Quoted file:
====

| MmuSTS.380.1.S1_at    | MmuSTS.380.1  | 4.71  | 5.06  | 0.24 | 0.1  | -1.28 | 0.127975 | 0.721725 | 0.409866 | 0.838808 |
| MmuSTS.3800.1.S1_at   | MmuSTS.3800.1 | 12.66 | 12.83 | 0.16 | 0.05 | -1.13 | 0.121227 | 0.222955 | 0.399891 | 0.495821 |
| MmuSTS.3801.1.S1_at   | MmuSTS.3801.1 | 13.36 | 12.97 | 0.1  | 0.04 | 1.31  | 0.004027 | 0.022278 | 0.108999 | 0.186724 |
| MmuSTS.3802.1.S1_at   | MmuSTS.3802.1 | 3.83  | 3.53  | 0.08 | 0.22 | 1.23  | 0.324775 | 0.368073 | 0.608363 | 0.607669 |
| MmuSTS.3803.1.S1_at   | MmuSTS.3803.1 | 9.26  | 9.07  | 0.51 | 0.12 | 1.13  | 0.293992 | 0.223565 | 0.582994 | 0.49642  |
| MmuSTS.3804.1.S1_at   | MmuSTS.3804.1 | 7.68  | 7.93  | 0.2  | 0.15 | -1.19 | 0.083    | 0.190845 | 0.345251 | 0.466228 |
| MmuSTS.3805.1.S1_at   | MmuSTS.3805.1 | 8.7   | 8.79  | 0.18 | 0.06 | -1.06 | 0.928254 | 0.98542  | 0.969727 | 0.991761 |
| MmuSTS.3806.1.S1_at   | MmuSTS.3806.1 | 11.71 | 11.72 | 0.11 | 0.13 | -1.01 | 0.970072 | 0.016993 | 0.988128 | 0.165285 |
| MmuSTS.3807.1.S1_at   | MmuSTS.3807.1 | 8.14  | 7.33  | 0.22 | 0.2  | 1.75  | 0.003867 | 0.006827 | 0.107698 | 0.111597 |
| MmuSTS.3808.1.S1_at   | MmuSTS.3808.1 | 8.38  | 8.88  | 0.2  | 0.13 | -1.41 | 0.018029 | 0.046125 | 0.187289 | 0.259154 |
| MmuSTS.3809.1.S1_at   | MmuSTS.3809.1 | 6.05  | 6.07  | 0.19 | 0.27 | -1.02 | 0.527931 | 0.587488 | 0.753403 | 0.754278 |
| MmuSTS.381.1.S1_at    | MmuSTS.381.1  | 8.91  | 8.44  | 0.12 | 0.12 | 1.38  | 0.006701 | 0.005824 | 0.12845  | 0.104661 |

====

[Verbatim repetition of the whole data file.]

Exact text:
| MmuSTS.380.1.S1_at    | MmuSTS.380.1  | 4.71  | 5.06  | 0.24 | 0.1  | -1.28 | 0.127975 | 0.721725 | 0.409866 | 0.838808 |
| MmuSTS.3800.1.S1_at   | MmuSTS.3800.1 | 12.66 | 12.83 | 0.16 | 0.05 | -1.13 | 0.121227 | 0.222955 | 0.399891 | 0.495821 |
| MmuSTS.3801.1.S1_at   | MmuSTS.3801.1 | 13.36 | 12.97 | 0.1  | 0.04 | 1.31  | 0.004027 | 0.022278 | 0.108999 | 0.186724 |
| MmuSTS.3802.1.S1_at   | MmuSTS.3802.1 | 3.83  | 3.53  | 0.08 | 0.22 | 1.23  | 0.324775 | 0.368073 | 0.608363 | 0.607669 |
| MmuSTS.3803.1.S1_at   | MmuSTS.3803.1 | 9.26  | 9.07  | 0.51 | 0.12 | 1.13  | 0.293992 | 0.223565 | 0.582994 | 0.49642  |
| MmuSTS.3804.1.S1_at   | MmuSTS.3804.1 | 7.68  | 7.93  | 0.2  | 0.15 | -1.19 | 0.083    | 0.190845 | 0.345251 | 0.466228 |
| MmuSTS.3805.1.S1_at   | MmuSTS.3805.1 | 8.7   | 8.79  | 0.18 | 0.06 | -1.06 | 0.928254 | 0.98542  | 0.969727 | 0.991761 |
| MmuSTS.3806.1.S1_at   | MmuSTS.3806.1 | 11.71 | 11.72 | 0.11 | 0.13 | -1.01 | 0.970072 | 0.016993 | 0.988128 | 0.165285 |
| MmuSTS.3807.1.S1_at   | MmuSTS.3807.1 | 8.14  | 7.33  | 0.22 | 0.2  | 1.75  | 0.003867 | 0.006827 | 0.107698 | 0.111597 |
| MmuSTS.3808.1.S1_at   | MmuSTS.3808.1 | 8.38  | 8.88  | 0.2  | 0.13 | -1.41 | 0.018029 | 0.046125 | 0.187289 | 0.259154 |
| MmuSTS.3809.1.S1_at   | MmuSTS.3809.1 | 6.05  | 6.07  | 0.19 | 0.27 | -1.02 | 0.527931 | 0.587488 | 0.753403 | 0.754278 |
| MmuSTS.381.1.S1_at    | MmuSTS.381.1  | 8.91  | 8.44  | 0.12 | 0.12 | 1.38  | 0.006701 | 0.005824 | 0.12845  | 0.104661 |